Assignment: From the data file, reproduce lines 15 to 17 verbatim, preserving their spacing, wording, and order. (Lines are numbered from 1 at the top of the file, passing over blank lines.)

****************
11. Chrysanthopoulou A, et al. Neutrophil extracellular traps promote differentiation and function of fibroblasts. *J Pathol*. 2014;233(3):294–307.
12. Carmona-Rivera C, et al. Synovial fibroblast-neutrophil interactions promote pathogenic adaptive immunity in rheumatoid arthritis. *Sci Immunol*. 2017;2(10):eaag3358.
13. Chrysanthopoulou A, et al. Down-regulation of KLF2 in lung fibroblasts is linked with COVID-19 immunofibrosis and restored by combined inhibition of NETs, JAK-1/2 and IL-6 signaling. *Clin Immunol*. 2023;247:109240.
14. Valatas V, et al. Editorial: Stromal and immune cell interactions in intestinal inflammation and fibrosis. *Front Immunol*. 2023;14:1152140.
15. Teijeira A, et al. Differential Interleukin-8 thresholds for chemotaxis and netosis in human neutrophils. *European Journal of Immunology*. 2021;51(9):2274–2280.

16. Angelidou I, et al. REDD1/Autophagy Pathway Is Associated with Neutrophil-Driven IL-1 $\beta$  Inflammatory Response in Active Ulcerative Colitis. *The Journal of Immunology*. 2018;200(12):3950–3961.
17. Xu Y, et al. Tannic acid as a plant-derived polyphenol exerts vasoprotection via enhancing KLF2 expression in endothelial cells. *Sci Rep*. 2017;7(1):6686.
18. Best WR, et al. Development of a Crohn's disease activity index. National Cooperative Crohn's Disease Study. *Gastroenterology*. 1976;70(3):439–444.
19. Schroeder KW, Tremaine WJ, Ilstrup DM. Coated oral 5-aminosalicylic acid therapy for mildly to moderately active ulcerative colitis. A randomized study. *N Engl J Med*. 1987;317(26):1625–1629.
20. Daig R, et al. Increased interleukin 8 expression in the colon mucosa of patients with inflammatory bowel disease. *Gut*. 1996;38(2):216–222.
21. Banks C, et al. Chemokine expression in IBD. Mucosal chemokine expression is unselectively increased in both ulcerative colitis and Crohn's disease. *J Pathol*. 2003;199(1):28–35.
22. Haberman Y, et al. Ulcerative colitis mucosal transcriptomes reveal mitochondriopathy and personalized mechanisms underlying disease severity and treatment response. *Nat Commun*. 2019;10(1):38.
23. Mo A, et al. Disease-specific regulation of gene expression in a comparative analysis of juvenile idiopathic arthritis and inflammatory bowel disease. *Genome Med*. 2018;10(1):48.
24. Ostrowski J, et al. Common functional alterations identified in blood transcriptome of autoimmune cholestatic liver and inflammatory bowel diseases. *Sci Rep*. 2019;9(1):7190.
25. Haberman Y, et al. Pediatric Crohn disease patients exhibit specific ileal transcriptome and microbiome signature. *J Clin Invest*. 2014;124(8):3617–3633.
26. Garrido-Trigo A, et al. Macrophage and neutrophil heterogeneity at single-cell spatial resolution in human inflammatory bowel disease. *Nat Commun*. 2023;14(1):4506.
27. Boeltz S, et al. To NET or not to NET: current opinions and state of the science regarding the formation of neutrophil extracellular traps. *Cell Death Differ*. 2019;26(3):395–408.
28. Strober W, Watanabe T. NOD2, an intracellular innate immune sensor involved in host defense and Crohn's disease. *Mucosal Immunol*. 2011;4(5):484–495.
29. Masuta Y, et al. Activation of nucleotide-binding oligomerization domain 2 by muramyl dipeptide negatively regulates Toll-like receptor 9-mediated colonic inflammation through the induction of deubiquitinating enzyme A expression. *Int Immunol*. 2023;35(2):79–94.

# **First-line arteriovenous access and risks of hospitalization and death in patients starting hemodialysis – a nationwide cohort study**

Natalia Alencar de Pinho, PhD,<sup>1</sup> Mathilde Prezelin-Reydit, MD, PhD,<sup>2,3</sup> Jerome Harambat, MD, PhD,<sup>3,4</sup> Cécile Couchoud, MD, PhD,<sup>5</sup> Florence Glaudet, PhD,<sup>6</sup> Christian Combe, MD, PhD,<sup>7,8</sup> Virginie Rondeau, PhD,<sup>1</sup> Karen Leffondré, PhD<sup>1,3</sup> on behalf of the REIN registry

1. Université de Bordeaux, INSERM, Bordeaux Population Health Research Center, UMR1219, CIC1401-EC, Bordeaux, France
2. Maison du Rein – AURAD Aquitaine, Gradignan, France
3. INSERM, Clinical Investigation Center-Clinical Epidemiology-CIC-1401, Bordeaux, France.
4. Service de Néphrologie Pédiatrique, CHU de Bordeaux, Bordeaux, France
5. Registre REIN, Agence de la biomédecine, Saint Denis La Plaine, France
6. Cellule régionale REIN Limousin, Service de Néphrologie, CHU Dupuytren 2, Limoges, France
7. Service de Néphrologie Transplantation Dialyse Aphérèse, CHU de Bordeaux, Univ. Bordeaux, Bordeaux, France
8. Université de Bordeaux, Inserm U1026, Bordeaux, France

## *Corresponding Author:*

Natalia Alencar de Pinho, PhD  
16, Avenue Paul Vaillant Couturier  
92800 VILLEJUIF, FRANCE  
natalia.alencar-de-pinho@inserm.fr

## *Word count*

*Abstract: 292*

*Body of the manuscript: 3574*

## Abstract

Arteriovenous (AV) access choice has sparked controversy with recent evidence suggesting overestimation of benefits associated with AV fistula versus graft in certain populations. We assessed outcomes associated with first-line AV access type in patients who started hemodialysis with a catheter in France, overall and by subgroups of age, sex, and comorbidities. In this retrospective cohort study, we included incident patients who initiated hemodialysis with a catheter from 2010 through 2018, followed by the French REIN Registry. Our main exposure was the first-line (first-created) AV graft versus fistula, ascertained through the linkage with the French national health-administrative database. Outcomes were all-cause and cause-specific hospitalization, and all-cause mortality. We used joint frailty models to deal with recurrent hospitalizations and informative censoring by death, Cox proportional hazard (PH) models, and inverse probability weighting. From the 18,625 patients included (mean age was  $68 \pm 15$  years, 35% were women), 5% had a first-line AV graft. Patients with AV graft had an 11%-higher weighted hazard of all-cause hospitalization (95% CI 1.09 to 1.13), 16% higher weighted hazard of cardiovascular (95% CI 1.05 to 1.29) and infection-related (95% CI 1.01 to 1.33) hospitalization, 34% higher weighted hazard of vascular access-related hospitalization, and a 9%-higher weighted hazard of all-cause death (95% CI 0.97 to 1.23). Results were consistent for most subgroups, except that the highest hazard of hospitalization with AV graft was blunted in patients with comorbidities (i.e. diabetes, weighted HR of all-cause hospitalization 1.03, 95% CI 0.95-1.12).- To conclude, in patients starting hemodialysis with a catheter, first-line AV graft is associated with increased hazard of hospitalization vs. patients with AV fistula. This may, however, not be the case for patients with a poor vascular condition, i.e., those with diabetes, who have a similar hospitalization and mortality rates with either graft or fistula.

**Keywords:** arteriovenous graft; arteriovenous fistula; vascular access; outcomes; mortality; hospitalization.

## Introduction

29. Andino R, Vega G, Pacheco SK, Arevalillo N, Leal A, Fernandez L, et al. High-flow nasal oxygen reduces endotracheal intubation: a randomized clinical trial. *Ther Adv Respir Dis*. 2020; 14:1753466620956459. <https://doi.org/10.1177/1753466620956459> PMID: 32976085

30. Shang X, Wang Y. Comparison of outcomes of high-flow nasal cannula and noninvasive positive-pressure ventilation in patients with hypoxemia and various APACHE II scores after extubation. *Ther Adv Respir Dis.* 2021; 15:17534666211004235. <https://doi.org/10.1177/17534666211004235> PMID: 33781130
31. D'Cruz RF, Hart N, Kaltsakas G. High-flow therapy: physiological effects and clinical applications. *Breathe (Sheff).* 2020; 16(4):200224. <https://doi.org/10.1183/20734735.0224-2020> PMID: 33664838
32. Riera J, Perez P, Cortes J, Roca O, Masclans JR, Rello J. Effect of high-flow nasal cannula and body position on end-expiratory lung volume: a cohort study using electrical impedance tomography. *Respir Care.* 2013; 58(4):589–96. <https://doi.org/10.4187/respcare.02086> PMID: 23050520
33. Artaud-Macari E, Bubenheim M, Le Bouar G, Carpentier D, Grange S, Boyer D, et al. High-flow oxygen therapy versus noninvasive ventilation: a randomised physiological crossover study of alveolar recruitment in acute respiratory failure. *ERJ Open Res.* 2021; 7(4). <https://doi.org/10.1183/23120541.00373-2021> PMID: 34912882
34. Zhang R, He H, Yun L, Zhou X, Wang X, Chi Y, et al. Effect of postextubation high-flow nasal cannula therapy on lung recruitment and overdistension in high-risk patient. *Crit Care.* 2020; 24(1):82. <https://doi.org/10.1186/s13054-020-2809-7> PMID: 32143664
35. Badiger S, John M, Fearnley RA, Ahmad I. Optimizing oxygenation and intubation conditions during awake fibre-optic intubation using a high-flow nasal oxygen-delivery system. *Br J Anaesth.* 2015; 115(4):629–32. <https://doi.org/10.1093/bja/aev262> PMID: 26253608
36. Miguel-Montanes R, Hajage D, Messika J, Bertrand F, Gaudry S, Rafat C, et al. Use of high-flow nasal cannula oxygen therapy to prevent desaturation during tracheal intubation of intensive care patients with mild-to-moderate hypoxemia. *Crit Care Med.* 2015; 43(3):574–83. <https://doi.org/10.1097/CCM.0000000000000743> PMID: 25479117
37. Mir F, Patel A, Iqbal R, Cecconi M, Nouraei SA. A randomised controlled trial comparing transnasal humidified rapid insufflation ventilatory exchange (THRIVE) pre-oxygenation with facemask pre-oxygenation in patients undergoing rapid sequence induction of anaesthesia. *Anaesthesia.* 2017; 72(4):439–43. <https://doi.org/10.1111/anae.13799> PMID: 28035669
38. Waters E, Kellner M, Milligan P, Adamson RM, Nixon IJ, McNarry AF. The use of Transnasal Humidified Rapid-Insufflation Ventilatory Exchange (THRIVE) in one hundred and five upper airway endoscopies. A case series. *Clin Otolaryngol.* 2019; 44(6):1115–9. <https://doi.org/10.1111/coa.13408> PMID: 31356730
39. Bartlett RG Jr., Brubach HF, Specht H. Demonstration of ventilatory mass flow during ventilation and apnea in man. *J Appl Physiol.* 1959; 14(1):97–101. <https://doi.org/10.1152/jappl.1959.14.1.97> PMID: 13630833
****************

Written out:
25. Haberman Y, et al. Pediatric Crohn disease patients exhibit specific ileal transcriptome and microbiome signature. *J Clin Invest*. 2014;124(8):3617–3633.
26. Garrido-Trigo A, et al. Macrophage and neutrophil heterogeneity at single-cell spatial resolution in human inflammatory bowel disease. *Nat Commun*. 2023;14(1):4506.
27. Boeltz S, et al. To NET or not to NET: current opinions and state of the science regarding the formation of neutrophil extracellular traps. *Cell Death Differ*. 2019;26(3):395–408.